Home' Future Building: The Australian Infrastructure Review : Volume 3 Number 1 Contents 10 futurebuilding Volume 3 Number 1
What parts of your infrastructure
business are most active?
The business is evenly busy between
economic and social infrastructure such
as hospitals. Over the past year we've
been busy in public private partnerships
but we've also done financing in the
toll roads, airports and ports space.
The Bank also increased its presence
in the resources infrastructure space
through its financing of the Abbot Point
Coal Terminal (which was acquired by
India's Adani Group for $1.8 billion
during Queensland's recent sale of key
How does activity in Australia
stack up against opportunities
Since the early 1980s CBA has had a
specialised Infrastructure unit. We have
a leading position in the Australian
market. When it comes to growth
opportunities we see them overseas,
particularly in the United Kingdom
and Europe. One of the consequences
of the financial crisis in Europe is that
a number of European banks have
perhaps pulled back their appetite.
CBA is a well-funded, strong institution.
We're in a good position to make the
most of that situation.
Can you give us some examples?
We recognise infrastructure is a global
business. We've made a concerted
effort to reach out to overseas clients
and capital markets, such as with
Anglian Water for example. Anglian is
a water utility in the United Kingdom.
We, as an Australian bank, on a sole
basis undertook a $US550 million
raising in the United States private
placement market for Anglian Water.
That's an Aussie bank, taking a United
Kingdom client to a United States
capital market. It doesn't get more
global than that.
What are Australia's infrastructure
priorities as CBA sees them?
Each State has infrastructure priorities.
In the key capital cities -- Sydney and
Melbourne -- the main priorities are the
transport network for both private travel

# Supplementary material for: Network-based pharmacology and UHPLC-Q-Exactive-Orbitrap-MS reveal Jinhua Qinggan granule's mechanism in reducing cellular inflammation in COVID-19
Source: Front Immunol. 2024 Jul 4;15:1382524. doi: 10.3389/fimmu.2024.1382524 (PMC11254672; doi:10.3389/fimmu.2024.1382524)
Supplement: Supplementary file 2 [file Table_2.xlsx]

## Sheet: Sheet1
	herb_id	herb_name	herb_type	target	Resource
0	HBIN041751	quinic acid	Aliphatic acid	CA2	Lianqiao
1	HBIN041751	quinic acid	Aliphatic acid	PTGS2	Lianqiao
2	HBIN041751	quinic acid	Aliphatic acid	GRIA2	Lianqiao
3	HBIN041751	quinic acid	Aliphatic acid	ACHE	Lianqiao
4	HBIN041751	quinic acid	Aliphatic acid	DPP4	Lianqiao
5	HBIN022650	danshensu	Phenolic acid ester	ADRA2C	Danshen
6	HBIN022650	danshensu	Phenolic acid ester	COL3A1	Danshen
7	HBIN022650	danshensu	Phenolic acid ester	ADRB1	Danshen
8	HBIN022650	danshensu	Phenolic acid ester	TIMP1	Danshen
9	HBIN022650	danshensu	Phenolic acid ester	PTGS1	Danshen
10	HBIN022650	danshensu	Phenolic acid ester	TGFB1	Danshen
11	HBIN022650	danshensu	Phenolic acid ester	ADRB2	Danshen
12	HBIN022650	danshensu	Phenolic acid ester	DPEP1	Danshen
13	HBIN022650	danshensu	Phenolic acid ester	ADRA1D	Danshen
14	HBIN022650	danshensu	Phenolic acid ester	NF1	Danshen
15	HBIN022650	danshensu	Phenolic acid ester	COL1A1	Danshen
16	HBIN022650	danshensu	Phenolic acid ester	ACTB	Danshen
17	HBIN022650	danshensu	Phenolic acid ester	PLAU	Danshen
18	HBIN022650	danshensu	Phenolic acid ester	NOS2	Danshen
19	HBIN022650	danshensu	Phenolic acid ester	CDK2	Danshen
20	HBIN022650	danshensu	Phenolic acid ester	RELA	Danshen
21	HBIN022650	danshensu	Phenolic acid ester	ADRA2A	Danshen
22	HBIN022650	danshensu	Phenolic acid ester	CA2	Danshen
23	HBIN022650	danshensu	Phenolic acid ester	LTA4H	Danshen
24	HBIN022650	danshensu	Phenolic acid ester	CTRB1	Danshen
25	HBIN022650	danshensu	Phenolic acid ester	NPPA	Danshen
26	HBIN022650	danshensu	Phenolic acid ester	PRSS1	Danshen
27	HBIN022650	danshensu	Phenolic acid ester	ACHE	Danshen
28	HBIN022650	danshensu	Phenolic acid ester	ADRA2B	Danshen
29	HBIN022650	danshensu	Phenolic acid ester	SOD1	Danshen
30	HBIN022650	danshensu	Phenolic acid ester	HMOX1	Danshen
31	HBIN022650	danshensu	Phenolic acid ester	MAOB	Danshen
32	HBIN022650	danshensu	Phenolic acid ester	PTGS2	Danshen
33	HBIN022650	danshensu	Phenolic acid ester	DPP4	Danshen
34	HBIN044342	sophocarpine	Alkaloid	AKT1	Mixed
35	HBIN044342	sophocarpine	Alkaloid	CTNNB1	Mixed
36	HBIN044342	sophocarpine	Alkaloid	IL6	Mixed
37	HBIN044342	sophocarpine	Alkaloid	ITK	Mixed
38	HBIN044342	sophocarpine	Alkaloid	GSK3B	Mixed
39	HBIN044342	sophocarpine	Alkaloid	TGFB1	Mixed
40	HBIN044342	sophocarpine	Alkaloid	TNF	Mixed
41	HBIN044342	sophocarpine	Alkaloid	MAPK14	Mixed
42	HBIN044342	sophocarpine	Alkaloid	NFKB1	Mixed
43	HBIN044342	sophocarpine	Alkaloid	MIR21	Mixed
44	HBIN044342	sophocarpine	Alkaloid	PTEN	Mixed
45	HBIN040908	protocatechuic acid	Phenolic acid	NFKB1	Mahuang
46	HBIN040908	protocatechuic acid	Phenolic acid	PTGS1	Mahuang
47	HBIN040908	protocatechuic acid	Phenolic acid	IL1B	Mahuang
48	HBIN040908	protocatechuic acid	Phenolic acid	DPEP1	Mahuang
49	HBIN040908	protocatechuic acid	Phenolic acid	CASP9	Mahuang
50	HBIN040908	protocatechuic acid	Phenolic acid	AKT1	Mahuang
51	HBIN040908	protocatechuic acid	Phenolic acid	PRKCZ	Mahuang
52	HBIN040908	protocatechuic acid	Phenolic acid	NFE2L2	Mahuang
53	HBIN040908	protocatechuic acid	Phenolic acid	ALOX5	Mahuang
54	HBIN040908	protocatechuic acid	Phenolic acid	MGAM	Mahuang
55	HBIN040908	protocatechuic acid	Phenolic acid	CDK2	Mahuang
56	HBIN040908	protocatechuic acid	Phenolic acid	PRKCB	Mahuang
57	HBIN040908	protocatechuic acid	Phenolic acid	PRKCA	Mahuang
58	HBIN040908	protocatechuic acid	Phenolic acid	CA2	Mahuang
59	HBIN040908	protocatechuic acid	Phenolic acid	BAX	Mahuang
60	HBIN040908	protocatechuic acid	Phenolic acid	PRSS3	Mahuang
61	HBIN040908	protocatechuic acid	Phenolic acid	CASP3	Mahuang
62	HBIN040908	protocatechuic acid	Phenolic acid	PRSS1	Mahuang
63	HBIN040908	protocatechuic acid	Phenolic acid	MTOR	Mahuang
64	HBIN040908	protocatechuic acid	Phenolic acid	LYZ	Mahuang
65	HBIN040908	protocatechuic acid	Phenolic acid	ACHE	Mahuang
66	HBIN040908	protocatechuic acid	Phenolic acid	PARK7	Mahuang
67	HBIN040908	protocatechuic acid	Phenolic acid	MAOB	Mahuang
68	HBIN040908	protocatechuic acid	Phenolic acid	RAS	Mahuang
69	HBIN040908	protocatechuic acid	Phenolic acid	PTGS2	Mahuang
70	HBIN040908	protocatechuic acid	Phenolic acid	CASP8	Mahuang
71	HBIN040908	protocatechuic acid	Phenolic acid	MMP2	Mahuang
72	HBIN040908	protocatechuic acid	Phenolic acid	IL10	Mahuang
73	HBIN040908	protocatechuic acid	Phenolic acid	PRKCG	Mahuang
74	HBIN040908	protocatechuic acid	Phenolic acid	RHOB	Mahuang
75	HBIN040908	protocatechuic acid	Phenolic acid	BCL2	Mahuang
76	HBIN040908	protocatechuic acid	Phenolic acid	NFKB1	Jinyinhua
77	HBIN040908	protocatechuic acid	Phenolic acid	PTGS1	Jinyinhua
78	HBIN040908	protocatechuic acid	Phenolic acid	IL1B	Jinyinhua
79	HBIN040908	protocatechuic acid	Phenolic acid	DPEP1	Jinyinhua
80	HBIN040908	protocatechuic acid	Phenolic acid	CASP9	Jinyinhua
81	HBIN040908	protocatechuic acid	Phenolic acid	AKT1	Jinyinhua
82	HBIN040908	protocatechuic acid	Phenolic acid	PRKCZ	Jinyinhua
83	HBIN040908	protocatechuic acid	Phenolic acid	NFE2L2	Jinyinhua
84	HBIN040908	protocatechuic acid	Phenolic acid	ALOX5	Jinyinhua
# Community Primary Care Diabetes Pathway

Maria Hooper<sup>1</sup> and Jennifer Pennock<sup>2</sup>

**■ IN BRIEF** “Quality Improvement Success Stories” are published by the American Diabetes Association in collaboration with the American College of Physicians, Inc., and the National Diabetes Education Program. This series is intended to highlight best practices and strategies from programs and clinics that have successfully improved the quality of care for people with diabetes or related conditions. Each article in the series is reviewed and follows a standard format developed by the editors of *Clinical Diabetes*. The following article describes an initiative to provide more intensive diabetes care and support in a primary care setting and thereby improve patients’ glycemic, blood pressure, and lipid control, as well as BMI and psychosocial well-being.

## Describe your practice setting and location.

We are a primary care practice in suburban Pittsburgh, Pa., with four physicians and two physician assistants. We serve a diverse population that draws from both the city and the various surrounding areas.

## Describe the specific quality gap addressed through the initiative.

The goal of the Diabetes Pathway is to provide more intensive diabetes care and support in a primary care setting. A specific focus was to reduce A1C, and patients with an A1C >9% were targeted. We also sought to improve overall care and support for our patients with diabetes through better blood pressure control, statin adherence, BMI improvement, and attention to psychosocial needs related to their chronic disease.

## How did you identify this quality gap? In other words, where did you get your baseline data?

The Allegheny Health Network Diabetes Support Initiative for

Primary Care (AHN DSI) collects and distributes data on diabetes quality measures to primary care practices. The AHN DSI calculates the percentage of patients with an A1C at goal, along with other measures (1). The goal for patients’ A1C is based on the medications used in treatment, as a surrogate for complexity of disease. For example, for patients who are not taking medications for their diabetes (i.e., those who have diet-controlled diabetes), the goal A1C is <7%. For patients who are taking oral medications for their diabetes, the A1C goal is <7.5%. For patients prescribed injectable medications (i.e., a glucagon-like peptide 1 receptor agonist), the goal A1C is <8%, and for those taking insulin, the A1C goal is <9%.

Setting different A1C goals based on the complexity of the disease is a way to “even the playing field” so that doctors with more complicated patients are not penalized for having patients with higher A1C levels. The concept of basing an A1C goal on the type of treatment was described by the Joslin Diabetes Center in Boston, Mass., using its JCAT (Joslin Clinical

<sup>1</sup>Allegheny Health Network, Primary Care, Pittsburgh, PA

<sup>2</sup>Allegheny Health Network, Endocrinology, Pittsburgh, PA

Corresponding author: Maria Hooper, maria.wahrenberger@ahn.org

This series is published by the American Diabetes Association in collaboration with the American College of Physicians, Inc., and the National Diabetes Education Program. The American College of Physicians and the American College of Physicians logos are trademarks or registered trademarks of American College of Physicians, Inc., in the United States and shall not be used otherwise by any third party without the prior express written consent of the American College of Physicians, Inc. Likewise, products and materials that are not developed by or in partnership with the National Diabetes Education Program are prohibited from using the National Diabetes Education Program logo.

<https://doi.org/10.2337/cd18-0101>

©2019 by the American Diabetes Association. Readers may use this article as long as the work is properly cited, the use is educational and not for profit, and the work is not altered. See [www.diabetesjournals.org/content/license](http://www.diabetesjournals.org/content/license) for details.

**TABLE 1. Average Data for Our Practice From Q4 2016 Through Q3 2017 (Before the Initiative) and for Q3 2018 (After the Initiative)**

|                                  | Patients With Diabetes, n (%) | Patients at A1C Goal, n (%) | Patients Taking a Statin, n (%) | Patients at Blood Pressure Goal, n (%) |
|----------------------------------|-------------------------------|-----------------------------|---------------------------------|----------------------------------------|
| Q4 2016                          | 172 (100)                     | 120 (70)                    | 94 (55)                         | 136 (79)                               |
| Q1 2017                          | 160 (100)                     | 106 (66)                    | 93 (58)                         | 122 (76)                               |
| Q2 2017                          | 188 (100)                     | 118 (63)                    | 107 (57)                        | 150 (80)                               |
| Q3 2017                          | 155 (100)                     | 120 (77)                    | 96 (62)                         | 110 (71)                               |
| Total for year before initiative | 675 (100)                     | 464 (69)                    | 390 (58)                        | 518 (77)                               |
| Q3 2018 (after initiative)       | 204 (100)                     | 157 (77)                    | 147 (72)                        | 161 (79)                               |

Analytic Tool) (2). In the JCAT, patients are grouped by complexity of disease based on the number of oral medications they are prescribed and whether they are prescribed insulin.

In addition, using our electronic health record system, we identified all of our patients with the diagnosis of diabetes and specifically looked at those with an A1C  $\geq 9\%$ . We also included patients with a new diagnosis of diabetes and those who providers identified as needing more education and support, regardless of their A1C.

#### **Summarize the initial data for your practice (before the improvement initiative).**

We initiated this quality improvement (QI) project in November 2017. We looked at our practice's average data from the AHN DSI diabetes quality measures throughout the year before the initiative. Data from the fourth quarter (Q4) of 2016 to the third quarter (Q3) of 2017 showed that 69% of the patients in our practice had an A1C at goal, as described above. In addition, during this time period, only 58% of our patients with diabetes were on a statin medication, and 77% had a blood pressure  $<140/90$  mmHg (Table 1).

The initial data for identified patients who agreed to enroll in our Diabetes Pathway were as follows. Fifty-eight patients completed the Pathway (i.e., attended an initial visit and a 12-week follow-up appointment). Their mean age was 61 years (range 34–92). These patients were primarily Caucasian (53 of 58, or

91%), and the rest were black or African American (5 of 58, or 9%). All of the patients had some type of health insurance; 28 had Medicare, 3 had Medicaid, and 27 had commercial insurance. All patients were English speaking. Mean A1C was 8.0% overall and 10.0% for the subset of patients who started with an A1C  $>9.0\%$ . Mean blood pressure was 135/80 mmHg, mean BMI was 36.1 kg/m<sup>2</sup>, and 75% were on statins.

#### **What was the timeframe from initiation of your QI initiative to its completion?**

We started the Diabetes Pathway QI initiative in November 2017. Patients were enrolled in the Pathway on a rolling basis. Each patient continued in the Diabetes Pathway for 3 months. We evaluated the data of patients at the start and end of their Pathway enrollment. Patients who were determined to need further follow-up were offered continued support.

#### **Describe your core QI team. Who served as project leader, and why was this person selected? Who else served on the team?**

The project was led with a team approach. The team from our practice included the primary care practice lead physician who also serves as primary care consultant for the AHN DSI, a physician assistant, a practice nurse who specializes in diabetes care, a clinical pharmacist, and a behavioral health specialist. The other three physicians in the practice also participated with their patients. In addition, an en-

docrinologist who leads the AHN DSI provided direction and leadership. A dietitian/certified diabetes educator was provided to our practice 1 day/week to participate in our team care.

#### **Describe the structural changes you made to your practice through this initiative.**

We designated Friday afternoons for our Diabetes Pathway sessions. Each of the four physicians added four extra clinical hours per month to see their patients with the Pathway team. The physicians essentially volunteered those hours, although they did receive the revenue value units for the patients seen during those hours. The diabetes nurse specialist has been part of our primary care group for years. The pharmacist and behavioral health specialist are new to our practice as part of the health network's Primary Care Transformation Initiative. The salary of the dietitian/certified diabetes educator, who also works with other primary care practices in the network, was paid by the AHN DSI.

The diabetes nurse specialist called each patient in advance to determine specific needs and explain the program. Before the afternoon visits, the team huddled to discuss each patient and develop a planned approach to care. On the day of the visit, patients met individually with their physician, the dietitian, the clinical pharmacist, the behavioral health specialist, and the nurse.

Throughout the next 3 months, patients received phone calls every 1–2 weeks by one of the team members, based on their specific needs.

and freight. Sydney is a good example.
The port and airport are close together.
That's great, but the road network
servicing them at the precinct is very
poor and congested. This is a priority for
New South Wales.
How are you active in tapping into
those infrastructure priorities?
We have good relations with
government and private sector. It's
about being tapped into the market to
know what projects are coming. We
can play in this space on many different
levels. This bank was one of the original
owners of a key piece of infrastructure:
the M5 motorway in Sydney. It's also
been a shareholder in airports: Brisbane
Airport when that was privatised. So
this bank has a long history of not only
being a financier but also an equity
What role will PPPs play when it
comes to planning infrastructure?
PPPs have delivered high-quality
projects to tax payers. Where the private
sector has made the wrong call; it has
been on patronage risk. The failed
projects have stopped the private sector
from investing in greenfield toll road
projects for example. We believe there
is a model of successful participation
for the private sector, but what that
requires is a level of support from
government to perhaps share patronage
risk, particularly in the early years of
the project. We also believe that if the
government is going to share in the
downside, it needs to benefit from the
How does the future look for you
in this business?
We are very skilled at what we do.
We take calculated risks. Our growth
strategy is led by what we are good
at. We have a disciplined approach to
growth. We see a healthy pipeline of
transactions in the sector. Population
growth, urbanisation and ageing of
existing infrastructure assets are driving
the demand for new infrastructure.
Budget and taxation restraints are
increasing the gap between required
infrastructure and the capacity public
sector finance. Public sector constraints
will mean that we will also see an
increased level of asset sales by
governments. In the past 18 months
we have seen the sale of two ports,
a rail business and most recently a
desalination plant. Finally, in Australia,
there will be increasing opportunities to
finance common user infrastructure that
services the mining sector.
The Commonwealth Bank of
Australia is leaning on in-house
expertise and hefty capital reserves
to build on its infrastructure
business as European debt woes
prompt overseas rivals to scale back
In 2011 Commonwealth Bank
was a mandated lead arranger for
loans totalling US$16.2 billion.
Milka McNamara, CBA's Head of
Infrastructure, Institutional Banking
and Markets tells us about the
bank's priorities in the segment and
where it sees growth in the coming
HELPING BUILD AUSTRALIA'S
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